October 9, 2023
At a Glance
- The 2023 growing season was the first for full commercial availability of ThryvOn cotton technology.
- Thrips protection is the biggest benefit for ThryvOn cotton growers.
- Research will confirm plant bug thresholds, effective insecticides, and potential changes in PGR rates for ThryvOn cotton.
ThryvOn cotton is the first technology of its kind to offer built-in protection against thrips and tarnished plant bugs. Bayer Crop Science celebrates the technology’s first year of full commercial availability, and judging by the success, ThryvOn looks to be a game changer in the future of cotton management.
It also marks the first year ThryvOn varieties were included in university on-farm variety trials (OVTs). This provides valuable information to growers, comparing the yield and field performance of ThryvOn varieties to other candidates in standard OVT testing.
Recently, specialists from across the Midsouth gathered for a panel discussion at the Scott Learning Center in Mississippi. They shared feedback from the ThryvOn growing season and discussed management updates for the technology. In addition to the discussion, a tour of the research site showcased the performance of Deltapine Thryvon cotton varieties.
The greatest benefit of ThryvOn technology is protection from tobacco thrips and western flower thrips. ThryvOn is designed with a protein that interrupts the life cycle of those thrips species, hence reducing crop damage.
Tim Dabbert, cotton traits and agronomic systems manager at Bayer, said, “The thrips choose not to lay eggs in ThryvOn cotton fields. So, we are seeing a reduced number of insects and about 73% reduction in damage from this trait alone,” Dabbert reported.
The protein in ThryvOn also impacts the life cycle of plant bugs, causing mortality to small nymphs that feed on the cotton plants. Likewise, populations of large nymphs and adult plant bugs are reduced along with the damage they cause. As a result, ThryvOn cotton plants are healthier with better square retention.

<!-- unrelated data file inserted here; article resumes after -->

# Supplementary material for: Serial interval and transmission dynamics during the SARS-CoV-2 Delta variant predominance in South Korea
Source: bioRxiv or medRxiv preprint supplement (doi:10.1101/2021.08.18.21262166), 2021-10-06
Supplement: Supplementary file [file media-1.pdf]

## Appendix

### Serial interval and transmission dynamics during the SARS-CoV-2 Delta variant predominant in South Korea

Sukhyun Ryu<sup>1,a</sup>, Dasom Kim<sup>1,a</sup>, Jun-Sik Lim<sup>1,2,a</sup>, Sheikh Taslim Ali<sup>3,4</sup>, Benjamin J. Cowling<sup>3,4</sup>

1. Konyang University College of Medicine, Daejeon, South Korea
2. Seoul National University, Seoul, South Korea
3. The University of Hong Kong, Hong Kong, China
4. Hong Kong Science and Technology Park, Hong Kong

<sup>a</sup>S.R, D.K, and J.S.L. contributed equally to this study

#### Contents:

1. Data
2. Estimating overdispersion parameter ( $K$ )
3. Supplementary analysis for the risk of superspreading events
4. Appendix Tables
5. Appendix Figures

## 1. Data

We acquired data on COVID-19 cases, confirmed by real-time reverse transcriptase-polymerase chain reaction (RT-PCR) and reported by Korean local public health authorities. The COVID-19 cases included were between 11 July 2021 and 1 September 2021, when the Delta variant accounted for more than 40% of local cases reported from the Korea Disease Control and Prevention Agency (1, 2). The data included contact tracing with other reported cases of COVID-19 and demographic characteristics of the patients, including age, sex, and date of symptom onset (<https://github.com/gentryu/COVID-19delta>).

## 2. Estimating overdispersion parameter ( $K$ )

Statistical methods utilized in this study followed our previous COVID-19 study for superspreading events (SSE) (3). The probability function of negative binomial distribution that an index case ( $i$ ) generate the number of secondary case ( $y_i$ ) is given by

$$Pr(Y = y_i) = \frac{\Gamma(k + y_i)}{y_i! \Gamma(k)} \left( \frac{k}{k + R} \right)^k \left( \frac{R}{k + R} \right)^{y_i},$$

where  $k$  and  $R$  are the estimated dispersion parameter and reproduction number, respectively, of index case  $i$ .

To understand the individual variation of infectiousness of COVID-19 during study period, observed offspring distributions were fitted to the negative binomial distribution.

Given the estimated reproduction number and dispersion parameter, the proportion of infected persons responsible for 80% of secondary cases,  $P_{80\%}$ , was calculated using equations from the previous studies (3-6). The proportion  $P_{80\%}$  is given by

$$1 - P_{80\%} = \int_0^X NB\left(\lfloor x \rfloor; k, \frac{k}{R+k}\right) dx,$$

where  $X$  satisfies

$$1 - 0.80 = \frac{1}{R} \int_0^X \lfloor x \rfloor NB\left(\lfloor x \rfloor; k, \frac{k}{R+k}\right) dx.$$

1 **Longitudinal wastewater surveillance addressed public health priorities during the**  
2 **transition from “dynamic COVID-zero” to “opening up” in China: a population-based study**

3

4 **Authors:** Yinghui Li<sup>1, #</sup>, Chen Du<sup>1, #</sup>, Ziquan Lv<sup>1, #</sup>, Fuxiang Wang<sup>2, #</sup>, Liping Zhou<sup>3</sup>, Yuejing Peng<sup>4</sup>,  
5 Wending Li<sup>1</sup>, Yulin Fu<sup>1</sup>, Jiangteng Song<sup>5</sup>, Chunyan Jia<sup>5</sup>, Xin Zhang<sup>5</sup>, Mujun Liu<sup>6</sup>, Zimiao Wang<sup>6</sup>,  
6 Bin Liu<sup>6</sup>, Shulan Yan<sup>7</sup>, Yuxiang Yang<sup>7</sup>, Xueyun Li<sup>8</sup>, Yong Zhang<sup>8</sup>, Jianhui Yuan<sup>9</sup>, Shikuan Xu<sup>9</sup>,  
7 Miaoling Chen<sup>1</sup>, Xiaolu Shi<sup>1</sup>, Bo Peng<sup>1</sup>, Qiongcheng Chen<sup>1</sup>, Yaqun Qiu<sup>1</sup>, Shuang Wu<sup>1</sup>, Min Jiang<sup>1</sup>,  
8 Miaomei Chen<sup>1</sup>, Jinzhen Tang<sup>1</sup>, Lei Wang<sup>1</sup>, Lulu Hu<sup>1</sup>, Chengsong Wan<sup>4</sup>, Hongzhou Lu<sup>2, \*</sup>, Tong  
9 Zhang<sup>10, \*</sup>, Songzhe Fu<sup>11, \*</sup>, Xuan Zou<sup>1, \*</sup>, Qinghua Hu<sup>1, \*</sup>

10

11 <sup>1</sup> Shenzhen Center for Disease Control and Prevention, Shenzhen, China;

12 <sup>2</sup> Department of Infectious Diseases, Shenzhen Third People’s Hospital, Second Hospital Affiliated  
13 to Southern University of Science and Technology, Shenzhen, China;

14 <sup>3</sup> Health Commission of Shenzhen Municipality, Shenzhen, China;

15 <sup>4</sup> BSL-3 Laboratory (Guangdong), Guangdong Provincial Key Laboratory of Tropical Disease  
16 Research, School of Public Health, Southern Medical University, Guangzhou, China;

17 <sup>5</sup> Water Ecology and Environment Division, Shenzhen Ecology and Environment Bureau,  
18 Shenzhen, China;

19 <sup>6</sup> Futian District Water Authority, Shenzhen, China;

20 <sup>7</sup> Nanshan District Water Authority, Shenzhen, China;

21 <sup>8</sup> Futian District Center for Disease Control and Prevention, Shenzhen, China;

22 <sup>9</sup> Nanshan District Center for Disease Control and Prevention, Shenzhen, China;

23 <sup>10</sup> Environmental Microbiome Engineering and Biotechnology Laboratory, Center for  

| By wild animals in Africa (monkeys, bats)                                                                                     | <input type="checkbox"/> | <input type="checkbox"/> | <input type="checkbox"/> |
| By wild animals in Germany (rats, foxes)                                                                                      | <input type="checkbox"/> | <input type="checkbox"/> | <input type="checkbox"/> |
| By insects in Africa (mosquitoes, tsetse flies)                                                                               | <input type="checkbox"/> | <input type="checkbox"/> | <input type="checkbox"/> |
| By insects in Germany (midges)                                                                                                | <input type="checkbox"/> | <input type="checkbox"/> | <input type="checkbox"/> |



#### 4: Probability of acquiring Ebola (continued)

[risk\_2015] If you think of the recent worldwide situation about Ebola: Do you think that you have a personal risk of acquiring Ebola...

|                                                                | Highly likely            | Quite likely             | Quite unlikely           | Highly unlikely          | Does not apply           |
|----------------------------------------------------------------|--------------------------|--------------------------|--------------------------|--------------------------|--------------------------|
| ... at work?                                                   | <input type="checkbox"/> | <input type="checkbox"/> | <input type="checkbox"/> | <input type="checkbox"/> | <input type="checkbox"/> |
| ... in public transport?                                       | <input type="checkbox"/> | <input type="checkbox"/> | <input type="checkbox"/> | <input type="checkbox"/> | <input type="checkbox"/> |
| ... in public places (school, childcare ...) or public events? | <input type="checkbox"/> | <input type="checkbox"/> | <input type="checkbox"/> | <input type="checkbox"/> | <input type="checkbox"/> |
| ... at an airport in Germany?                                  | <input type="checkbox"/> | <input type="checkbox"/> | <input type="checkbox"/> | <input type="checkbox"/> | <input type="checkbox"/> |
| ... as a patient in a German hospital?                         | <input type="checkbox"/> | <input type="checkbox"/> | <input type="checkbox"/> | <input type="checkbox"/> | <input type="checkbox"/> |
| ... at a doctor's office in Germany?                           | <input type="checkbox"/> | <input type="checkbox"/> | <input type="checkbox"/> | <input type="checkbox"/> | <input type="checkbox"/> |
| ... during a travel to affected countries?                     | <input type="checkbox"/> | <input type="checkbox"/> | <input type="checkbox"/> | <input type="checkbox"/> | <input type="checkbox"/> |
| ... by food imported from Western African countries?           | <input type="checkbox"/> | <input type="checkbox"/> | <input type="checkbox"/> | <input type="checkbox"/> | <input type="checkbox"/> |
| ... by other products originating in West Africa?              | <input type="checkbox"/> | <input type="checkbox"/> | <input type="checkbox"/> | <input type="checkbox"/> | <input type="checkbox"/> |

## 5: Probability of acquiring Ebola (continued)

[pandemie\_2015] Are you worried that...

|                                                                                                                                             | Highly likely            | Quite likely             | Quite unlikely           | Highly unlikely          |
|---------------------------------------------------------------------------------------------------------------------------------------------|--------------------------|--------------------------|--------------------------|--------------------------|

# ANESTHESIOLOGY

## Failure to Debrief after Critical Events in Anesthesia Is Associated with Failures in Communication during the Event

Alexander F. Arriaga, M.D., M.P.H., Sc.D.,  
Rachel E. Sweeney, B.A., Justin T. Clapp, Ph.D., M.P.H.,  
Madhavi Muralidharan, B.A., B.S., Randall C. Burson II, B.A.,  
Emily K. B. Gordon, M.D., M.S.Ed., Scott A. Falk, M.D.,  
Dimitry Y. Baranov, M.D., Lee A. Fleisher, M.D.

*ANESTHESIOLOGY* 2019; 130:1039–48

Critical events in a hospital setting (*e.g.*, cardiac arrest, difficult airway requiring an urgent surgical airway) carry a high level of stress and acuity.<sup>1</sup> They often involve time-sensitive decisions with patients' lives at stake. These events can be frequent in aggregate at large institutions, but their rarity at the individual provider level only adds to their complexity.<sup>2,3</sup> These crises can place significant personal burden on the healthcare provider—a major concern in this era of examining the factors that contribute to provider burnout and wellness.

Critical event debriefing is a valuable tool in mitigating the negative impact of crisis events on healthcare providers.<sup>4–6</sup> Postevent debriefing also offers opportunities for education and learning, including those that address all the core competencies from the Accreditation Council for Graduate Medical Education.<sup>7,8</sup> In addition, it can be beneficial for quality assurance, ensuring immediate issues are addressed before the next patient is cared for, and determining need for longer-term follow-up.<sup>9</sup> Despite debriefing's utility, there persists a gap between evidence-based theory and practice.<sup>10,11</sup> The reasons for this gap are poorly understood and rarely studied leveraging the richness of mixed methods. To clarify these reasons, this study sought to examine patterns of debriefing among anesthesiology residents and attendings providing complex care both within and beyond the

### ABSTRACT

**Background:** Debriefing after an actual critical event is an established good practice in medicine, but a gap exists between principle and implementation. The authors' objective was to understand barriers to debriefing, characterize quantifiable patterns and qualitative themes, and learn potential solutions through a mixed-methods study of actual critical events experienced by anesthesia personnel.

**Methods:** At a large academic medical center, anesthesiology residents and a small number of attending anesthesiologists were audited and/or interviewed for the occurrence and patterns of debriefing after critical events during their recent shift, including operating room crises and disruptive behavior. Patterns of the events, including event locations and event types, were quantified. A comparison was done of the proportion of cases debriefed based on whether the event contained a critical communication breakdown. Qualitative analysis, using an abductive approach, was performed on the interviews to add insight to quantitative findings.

Thrips control with ThryvOn
ThryvOn technology works so well to combat thrips that insecticide treatments are not recommended, even if thrips are present. Dominic Reisig, Extension entomologist and plant pathologist at North Carolina State University, explained the reasoning.
“We have not been able to show a yield response when spraying insecticides on Thryvon cotton to control thrips. If you can’t show a yield response then you can’t set a threshold. So, we recommend that our growers not use any additional insecticides for thrips on ThryvOn cotton,” Reisig said.
Of course, no solution is bulletproof, but Louisiana crop consultant, Hank Jones contended, “For thrips, ThryvOn technology is the closest you can get to a guarantee.”
Jones represents RHJ Ag Services and has worked with ThryvOn cotton for the past three years. This includes the current season and the two years before – when ThryvOn was introduced into Deltapine’s New Product Evaluator (NPE) program.
Jones said, “From a thrips standpoint, this is the most amazing thing we have ever seen. In five years from now, I think I will have scouts who don’t even know what thrips damage looks like.”
This is especially good news for Midsouth cotton growers who battle thrips populations that are resistant to acephate, once a primary insecticide to control the pests. Tyson Raper, Extension cotton specialist at the University of Tennessee Institute of Agriculture, emphasized the significant value that ThryvOn brings to this issue.
Raper said, “The last two years were very tough for us, because we lost acephate as an effective herbicide for thrips. I think the rapid adoption of ThryvOn, particularly in Tennessee, has been driven by the value of thrips protection, and I suspect an increase in those cotton acres next year.”